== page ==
Workers harvest blueberries in the highlands

Partner in Ecuador hopes to increase wine sales by 25 per cent

By Glauce Fleury

The holidays are not the only reason to celebrate this time of the year in Quinticusig, a village of 600 people located 125 kilometres from Quito, capital of Ecuador. December is also the best month to sell their unique wine. Made of mortiños, which are similar to the wild blueberries found in Canada, this wine is the main product sold by one of our partners, the Asociación de Productores y Comercializadores Agropecuarios de Quinticusig (a producers’ association).

“El Último Inca” was named after the indigenous people who ruled an empire in South America.

“We hope to surpass last year’s sales, and sell around 40,000 bottles,” says Daniel Catota, regional project coordinator who represents Community Evolution Foundation (CEF) in Ecuador. He provides local guidance to the Ecuadorian projects we support. If their goal is reached, the increase will top the 2018 sales by 25 per cent, great news for the community enterprise, which became our partner in 2015.

With the funding and assistance from CEF, the association has received training to both improve their members’ skills and develop their business and marketing plans. They were also able to buy equipment for their new production plant. “Apart from training and knowledge, machinery and funds have been important to make our product more professional and add better quality,” says Flavio Sigcha, supervisor and administrator of the wine plant.

According to Sigcha, the association has helped protect the environment, which nowadays is one of the top priorities worldwide. Before, the land was used mainly to raise cattle. “Cattle is very destructive to our highlands, and can harm our native crops,” he says. The change was relevant because blueberries are harvested by hand and left to grow naturally with no use of pesticides or similar substances. The results? The community enterprise produces a wine that’s completely organic.

Blueberries
Mortiños are similar to the wild blueberries found in Canada.

Fair and sustainable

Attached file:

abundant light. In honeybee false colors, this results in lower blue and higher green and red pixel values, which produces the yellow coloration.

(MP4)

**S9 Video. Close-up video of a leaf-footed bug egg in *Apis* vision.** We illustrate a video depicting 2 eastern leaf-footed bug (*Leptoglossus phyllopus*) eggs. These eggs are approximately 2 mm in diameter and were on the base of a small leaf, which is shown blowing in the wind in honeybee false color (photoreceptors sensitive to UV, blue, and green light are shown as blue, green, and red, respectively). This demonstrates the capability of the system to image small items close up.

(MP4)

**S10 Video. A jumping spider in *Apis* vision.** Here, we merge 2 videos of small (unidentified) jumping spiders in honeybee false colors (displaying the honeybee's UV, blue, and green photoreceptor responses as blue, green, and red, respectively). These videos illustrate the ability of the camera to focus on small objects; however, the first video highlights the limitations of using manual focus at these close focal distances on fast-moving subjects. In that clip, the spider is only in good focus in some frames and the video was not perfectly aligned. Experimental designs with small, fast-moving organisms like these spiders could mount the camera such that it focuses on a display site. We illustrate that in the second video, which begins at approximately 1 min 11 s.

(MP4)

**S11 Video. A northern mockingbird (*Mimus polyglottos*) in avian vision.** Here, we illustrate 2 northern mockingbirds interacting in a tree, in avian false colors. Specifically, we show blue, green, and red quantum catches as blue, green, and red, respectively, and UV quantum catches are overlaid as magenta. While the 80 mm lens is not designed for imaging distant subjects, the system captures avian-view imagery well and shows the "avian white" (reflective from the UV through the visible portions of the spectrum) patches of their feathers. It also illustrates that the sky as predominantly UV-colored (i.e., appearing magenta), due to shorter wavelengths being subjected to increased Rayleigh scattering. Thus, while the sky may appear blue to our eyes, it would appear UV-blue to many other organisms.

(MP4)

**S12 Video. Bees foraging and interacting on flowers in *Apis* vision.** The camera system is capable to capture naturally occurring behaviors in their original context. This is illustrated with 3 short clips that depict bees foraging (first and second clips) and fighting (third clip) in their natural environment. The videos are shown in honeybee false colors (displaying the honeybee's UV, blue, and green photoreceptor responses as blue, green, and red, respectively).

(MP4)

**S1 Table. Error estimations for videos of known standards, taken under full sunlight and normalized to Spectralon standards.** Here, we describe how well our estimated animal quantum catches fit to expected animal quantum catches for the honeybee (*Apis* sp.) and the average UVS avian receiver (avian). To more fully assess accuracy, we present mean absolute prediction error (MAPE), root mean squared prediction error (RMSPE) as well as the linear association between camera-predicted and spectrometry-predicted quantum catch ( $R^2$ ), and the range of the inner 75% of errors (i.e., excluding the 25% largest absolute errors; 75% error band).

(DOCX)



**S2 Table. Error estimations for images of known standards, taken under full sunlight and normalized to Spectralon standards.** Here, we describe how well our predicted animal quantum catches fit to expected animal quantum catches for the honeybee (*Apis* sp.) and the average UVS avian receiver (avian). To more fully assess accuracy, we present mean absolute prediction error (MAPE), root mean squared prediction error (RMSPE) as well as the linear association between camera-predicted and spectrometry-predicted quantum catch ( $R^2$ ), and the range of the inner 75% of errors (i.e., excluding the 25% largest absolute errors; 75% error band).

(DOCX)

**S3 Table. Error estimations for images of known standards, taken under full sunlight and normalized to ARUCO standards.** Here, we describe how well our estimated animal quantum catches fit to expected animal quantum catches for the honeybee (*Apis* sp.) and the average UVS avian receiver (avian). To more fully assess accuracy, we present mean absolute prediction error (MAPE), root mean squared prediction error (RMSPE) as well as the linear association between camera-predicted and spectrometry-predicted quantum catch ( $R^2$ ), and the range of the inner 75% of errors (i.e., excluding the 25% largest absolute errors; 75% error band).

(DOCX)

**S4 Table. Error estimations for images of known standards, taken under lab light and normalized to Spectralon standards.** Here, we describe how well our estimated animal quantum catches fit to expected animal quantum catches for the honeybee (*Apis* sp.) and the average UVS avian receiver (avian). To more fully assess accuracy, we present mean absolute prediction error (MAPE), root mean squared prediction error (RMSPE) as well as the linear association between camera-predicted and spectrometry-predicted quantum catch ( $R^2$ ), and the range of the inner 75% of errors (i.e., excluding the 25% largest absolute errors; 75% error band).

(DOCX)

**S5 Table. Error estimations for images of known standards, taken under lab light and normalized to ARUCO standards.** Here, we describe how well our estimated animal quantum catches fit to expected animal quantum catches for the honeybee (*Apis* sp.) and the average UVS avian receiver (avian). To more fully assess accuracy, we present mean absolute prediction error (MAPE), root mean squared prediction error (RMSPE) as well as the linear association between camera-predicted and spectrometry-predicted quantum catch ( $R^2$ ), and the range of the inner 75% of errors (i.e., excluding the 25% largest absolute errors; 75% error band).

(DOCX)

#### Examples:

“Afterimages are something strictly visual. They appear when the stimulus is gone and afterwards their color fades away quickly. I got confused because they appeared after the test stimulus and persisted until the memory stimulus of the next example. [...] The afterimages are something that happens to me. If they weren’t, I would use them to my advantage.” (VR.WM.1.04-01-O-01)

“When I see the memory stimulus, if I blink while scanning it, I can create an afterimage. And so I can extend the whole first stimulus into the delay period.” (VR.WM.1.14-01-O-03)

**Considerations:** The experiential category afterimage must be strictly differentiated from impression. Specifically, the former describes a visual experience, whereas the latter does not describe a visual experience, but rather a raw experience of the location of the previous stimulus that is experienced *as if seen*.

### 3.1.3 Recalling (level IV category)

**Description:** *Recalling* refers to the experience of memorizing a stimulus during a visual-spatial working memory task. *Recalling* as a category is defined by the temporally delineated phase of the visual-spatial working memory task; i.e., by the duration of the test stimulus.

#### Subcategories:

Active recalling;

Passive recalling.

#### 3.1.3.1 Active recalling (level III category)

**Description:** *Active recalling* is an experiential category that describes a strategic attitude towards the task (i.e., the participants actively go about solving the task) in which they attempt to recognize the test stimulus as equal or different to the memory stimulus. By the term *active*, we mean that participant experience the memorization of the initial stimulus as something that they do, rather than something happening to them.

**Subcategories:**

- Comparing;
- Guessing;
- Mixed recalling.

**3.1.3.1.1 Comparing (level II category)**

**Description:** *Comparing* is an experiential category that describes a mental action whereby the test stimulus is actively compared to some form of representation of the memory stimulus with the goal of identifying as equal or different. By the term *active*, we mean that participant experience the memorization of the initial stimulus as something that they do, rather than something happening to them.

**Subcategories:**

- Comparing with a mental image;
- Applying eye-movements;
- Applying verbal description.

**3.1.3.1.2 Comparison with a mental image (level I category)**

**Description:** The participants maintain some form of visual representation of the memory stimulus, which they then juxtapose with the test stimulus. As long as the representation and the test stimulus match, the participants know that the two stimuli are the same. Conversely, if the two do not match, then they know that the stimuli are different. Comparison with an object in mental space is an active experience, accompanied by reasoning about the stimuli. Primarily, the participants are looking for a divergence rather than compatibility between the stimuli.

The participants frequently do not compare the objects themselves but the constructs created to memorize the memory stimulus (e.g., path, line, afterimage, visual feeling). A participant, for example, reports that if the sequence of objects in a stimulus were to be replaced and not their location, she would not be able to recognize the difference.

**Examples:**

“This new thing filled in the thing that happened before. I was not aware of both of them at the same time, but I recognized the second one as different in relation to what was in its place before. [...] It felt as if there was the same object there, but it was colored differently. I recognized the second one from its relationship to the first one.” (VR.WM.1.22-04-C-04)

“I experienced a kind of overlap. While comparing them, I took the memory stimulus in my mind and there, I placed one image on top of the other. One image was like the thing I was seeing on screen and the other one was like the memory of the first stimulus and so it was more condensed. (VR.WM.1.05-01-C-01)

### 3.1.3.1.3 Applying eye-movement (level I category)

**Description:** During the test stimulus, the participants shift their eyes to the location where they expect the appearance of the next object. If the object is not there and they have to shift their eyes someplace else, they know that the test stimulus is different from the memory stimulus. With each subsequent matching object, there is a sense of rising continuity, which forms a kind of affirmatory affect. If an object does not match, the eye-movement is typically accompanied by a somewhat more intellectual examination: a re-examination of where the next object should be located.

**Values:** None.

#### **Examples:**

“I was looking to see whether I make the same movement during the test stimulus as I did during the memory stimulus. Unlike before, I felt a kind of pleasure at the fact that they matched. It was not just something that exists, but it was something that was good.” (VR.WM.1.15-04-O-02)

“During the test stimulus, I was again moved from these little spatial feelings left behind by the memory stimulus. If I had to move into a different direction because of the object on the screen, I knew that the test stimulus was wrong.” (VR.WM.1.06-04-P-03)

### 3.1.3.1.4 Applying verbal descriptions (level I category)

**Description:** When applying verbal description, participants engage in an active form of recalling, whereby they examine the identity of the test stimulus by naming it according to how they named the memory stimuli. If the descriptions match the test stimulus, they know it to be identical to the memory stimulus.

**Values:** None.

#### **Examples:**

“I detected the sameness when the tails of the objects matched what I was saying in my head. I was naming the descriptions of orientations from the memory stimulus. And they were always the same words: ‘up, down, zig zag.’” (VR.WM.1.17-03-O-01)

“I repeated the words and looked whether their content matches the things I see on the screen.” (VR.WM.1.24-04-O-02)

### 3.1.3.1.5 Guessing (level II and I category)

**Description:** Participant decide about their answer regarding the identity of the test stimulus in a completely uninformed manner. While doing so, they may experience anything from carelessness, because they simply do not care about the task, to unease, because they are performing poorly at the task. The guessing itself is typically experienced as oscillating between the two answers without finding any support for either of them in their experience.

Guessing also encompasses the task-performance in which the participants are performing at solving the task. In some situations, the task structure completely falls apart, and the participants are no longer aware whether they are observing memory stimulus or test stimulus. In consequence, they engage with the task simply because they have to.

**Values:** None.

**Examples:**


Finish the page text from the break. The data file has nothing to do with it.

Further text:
The establishment of the association as a community enterprise has provided the village with a fair and sustainable source of income, says Sigcha. Its members can now stay in Quinticusig, instead of migrating to larger cities in search of better opportunities and wages. The wine production has also led to the need for more bottles, corks and labels. Consequently, more job opportunities have been created, which is a benefit to other Ecuadorians living outside the village.

Buying blueberries at a fair price has helped farmers from other areas too, including Chugchilán and Amanta. Here’s an example: in 2012, when the association started its operations, farmers were paid only US$5.00 for 80 kg of blueberries. Since 2017, they’ve been paid US$92.00 for the same quantity. “We’re creating a delicious wine, providing steady jobs and a sense of community, and improving the community as a whole,” says Sigcha.

According to him, CEF has been one of the most important factors in the development of the wine-making facility and business. “I have a stable job and fixed income that has allowed me to work within my community,” he says. Members have received training in administration and production, and the necessary equipment to advance their process. “Without CEF, we wouldn’t be where we are today.”

CEF is living its mission: enabling community-based enterprises to develop, grow and create positive change, and we count on you to help us. To learn more, contact us at hello@communityevolutionfoundation.org

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